Two circumstances, in the abstract for the com- 1815. mencement of the present year,* indicate the return of peace; the small number of line-of-battle cruisers in commission, and the great number of ships sold, taken to pieces, or otherwise removed from the service.t

The number of commissioned officers and masters, Officers belonging to the british navy at the beginning of bficken 1815, was, Admirals

70 Vice-admirals

73
Rear-admirals

76
superannuated 35
Post-captains

824

39 Commanders or sloop-captains 762

superannuated 60 Lieutenants

3211 Masters

666 And the number of seamen and narines, voted for the service of the same year, was 70000 for three, and 90000 for ten, lunar months. I

On the 2d day of January, 1815, his royal bigh- New ness the prince regent was pleased to advance the of the splendour, and to extend the limits, of the most Bath. honourable military order of the bath, “to the end that those officers, who have had the opportunity of distinguishing themselves by eminent services during the late war, may share in the honours of the said order, and that their names may be delivered

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* See Appendix, Annual Abstract No. 23.
+ See Appendix, Nos. 11 and 12.
# See Appendix, No. 13.

Jan.

persons who

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fication of a

1815. down to remote posterity, accompanied by the

marks of distinction which they have so nobly
earned." The order of the bath was thenceforward
to be composed of three classes. The first class
was to consist of knights grand-crosses, and was
limited to 72; of whom 12 might be
had rendered eminent services to the state in
civil and diplomatic employments. The second
class, limited to 180, exclusive of 10 foreign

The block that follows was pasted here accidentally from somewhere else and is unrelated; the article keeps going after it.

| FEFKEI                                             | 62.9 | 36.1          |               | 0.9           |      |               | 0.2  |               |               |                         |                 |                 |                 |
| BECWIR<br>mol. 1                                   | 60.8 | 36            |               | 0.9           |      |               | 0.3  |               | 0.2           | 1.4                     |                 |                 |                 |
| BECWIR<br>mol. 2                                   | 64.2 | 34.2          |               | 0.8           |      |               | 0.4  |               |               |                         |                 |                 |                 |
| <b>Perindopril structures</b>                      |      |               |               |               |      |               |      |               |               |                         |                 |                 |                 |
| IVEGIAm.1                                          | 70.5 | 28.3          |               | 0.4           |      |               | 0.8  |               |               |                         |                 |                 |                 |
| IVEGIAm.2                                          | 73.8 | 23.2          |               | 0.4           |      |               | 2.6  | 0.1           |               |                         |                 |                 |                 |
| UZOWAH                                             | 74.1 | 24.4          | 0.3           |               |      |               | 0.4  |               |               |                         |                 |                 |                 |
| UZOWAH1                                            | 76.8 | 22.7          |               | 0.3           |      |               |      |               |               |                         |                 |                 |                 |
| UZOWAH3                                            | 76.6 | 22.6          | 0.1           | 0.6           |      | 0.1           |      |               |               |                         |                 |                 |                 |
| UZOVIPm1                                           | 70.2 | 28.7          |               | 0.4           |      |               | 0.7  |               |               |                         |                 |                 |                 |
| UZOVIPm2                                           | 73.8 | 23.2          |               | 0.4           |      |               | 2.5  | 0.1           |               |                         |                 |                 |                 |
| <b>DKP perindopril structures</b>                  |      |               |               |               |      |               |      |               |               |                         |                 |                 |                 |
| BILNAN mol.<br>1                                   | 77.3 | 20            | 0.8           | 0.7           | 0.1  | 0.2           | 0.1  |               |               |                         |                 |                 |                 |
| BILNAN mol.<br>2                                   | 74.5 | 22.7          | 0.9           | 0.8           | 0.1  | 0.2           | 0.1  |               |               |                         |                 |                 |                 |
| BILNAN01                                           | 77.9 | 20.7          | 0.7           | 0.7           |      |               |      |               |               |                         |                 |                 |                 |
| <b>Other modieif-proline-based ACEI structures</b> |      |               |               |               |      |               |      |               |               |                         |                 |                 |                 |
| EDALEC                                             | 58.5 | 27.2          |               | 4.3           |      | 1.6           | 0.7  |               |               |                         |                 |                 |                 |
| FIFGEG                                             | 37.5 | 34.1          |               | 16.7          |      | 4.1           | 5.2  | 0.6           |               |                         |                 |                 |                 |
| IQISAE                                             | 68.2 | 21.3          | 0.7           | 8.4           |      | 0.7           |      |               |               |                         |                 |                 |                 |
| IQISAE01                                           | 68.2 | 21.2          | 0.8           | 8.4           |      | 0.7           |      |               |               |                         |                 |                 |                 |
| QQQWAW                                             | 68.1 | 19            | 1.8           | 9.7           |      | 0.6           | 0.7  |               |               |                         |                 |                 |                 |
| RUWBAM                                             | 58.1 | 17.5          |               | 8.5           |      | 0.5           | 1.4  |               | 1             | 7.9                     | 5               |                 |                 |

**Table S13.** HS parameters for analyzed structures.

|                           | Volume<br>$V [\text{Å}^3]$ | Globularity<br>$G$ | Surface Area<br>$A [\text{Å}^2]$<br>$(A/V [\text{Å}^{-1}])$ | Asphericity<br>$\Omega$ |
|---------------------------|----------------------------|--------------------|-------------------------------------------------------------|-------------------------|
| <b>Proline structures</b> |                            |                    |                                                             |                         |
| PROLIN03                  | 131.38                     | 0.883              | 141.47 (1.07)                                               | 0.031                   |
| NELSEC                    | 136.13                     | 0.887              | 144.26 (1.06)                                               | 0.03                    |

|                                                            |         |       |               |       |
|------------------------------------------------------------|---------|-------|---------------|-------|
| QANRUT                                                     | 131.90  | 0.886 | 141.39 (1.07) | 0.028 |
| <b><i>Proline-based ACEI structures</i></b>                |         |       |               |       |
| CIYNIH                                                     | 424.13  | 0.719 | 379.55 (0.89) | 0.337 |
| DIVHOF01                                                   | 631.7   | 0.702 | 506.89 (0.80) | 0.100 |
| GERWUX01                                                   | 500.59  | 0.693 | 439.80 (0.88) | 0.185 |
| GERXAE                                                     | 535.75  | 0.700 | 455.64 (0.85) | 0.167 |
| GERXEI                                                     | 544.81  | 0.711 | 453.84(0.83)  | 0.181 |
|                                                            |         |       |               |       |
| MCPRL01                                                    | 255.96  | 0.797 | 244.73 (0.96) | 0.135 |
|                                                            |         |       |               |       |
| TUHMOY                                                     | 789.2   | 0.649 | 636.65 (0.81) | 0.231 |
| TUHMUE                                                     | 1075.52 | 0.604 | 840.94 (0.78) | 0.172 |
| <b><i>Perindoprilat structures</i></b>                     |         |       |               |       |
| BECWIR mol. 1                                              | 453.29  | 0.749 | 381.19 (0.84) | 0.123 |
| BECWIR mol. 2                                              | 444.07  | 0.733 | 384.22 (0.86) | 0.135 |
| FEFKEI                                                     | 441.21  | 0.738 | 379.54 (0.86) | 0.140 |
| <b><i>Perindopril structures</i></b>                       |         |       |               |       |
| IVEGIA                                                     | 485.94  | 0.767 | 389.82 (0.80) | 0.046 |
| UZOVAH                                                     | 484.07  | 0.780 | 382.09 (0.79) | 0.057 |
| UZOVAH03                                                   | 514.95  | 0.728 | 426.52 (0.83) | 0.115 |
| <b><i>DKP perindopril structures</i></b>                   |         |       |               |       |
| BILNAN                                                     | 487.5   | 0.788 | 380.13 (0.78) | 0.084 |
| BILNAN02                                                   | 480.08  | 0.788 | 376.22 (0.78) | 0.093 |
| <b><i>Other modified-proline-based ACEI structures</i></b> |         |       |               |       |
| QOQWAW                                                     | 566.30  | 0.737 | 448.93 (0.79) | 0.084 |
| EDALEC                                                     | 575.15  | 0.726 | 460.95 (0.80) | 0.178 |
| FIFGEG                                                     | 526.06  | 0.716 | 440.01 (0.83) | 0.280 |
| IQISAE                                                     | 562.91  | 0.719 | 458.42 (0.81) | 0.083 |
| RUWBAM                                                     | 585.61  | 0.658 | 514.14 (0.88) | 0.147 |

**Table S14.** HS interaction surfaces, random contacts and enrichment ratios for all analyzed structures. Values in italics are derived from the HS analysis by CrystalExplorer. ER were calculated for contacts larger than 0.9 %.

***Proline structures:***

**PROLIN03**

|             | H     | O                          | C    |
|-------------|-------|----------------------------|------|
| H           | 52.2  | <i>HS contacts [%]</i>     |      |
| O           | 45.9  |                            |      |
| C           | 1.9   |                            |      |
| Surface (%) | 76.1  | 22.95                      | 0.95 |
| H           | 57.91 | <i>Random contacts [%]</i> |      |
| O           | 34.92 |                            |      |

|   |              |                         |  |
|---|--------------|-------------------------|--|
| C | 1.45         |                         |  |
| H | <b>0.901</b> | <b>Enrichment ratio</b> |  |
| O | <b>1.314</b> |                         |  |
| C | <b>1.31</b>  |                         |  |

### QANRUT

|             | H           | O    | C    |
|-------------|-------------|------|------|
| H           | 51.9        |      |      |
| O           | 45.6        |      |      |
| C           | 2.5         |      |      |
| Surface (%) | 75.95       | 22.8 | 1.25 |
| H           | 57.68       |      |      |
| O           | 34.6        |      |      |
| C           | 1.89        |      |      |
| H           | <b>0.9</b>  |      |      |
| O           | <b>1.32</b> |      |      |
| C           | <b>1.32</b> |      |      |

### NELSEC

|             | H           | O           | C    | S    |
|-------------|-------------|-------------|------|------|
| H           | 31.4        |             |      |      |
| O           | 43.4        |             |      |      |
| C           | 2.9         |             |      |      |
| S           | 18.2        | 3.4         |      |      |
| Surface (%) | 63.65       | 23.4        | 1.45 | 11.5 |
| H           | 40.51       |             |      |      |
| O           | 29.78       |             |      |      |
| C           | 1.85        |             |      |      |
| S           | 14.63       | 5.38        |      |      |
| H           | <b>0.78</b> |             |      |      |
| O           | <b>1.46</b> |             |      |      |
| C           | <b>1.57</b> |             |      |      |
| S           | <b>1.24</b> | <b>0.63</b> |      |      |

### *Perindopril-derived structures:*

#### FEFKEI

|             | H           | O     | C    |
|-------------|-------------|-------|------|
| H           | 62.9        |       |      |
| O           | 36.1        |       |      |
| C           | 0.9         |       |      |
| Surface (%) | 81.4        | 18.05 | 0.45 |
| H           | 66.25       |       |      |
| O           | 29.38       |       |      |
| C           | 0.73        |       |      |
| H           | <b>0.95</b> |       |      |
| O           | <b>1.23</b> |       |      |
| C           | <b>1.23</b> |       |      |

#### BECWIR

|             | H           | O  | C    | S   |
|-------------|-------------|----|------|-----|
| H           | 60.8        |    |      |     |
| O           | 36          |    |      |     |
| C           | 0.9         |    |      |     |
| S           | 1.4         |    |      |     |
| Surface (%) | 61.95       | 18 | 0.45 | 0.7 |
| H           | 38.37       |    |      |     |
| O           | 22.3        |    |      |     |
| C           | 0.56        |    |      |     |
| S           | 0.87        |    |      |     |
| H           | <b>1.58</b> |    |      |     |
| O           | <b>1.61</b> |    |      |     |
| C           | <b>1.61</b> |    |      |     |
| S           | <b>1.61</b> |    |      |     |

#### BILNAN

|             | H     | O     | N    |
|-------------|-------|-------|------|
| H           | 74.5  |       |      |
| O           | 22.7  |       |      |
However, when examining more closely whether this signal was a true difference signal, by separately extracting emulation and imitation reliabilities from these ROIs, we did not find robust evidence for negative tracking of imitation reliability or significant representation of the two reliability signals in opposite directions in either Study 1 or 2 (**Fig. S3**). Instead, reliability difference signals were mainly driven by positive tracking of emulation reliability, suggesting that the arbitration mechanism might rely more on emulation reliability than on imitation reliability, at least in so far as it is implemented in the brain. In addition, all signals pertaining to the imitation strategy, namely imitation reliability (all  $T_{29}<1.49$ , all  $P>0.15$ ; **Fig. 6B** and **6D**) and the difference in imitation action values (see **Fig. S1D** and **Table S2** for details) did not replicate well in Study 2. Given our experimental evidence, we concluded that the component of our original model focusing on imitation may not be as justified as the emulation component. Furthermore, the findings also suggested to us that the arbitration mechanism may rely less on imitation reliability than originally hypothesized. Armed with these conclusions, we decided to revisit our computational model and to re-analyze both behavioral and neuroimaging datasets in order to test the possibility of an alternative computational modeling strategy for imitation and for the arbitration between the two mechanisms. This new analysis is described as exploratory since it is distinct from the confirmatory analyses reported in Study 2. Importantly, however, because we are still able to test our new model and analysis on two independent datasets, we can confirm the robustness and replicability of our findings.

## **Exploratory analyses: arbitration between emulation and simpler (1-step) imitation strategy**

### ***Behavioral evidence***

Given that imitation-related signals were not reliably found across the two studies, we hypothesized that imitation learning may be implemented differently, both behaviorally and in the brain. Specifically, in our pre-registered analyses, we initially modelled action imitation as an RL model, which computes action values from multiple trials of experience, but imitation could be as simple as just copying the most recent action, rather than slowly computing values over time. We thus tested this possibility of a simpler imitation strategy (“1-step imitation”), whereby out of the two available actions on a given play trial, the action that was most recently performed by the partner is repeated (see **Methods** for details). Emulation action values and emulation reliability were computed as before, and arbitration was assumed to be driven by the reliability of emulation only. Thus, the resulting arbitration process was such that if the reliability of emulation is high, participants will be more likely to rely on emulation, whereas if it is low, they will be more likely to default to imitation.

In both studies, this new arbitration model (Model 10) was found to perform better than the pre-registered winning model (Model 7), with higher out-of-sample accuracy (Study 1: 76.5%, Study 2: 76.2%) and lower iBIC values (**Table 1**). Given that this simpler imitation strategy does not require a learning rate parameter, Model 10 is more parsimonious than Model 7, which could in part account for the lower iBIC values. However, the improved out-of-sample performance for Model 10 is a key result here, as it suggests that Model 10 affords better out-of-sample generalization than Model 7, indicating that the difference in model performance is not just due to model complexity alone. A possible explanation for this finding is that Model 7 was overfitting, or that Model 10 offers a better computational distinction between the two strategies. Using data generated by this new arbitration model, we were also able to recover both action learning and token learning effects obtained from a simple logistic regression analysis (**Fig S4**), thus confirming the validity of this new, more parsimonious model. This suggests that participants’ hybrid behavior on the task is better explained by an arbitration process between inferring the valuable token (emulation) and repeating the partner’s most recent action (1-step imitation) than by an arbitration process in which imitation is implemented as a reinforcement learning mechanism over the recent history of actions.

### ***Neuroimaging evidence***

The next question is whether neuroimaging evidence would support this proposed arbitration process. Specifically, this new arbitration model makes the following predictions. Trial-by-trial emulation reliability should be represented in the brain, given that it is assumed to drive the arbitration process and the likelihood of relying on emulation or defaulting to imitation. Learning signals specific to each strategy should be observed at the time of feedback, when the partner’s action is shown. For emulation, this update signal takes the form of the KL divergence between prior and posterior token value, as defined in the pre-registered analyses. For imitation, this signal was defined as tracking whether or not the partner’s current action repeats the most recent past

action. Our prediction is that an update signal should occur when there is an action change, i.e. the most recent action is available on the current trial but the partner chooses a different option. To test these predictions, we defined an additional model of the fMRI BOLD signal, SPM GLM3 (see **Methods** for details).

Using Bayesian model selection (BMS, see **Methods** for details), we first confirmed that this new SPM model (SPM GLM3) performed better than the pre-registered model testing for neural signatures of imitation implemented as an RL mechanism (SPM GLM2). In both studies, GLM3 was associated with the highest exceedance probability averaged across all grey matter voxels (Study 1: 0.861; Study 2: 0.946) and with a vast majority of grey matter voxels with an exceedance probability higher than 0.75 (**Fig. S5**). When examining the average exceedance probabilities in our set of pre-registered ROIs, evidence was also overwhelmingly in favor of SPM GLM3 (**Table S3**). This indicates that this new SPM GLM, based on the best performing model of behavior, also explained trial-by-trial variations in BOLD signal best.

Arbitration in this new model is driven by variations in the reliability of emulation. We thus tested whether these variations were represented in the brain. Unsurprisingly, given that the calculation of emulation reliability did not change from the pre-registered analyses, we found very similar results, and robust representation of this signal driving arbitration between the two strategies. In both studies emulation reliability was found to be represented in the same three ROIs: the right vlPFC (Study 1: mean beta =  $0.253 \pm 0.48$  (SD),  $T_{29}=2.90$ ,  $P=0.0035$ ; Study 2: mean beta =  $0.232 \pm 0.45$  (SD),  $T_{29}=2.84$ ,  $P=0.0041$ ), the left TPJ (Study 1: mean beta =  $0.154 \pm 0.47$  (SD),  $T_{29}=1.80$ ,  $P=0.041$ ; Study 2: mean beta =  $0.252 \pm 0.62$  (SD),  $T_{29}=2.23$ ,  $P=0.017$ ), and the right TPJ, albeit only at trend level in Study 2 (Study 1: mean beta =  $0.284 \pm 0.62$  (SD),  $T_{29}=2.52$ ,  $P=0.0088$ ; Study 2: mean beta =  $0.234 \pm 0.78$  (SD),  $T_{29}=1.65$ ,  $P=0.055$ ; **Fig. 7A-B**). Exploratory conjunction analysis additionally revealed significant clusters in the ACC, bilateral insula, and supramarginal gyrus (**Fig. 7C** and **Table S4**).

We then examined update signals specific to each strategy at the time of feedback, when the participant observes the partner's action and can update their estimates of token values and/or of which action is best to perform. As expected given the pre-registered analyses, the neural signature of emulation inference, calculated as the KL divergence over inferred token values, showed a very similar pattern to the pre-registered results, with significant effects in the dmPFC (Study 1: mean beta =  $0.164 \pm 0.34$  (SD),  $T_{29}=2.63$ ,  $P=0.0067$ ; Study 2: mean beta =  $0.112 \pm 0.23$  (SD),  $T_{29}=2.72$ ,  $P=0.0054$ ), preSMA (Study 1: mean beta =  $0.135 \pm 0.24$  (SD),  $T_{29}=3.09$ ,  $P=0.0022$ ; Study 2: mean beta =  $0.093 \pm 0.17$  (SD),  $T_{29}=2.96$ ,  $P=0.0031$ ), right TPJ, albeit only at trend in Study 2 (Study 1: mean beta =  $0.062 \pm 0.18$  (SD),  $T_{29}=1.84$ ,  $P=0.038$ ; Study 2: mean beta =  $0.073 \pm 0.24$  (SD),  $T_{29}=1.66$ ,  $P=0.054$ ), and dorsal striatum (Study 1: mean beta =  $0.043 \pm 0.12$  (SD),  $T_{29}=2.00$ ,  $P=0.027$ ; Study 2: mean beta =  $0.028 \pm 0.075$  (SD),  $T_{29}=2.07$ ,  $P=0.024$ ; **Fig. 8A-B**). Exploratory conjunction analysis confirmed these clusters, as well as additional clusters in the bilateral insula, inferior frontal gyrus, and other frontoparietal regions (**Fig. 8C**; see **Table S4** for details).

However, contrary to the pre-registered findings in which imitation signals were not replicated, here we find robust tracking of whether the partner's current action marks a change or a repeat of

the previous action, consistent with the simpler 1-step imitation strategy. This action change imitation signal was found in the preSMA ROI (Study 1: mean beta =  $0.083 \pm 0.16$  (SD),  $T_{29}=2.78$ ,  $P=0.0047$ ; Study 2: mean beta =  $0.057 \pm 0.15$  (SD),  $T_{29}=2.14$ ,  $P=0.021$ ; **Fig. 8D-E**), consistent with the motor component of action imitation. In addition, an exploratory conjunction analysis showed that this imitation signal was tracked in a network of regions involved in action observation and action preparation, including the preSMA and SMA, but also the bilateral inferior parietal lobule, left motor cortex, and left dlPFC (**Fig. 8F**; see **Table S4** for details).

officers holding british commissions, was to consist
of knights-commanders; and the third class, of com-

panions of the bath. Quali

The qualifications of a companion of the bath are

thus defined: “No officer shall be nominated a C. B. companion of the said most honourable order, unless

he shall have received, or shall hereafter receive,
a medal, or other badge of honour, or shall have
been especially mentioned by name in despatches
published in the London Gazette, as having distin-
guished himself by his valour and conduct in action
against bis majesty's enemies, since the commence-
ment of the war in 1803, or shall hereafter be named
in despatches published in the London Gazette, as
having distinguished himself." This was all very
proper; but, suppose the board of admiralty should
neglect to publish in the “ London Gazette” de-
spatches, incontestably showing, that an officer had

distinguished himself by his valour and conduct in
action”? For instance, had captain Manners of the
Reindeer, after having been hewed and hacked as
he was, escaped the two bullets that passed through
his head, would he not have deserved to be made a
companion, at least, if not a knight-commander, of
the bath? But the account of the Reindeer's action
did not appear in the Gazette : therefore captain
Manners, had he survived, would not have been
officially qualified to receive an honour, designed by
the sovereign for the exclusive reward of gallantry.
Nay, there would have been another impediment in
the

way. The order descends no lower than post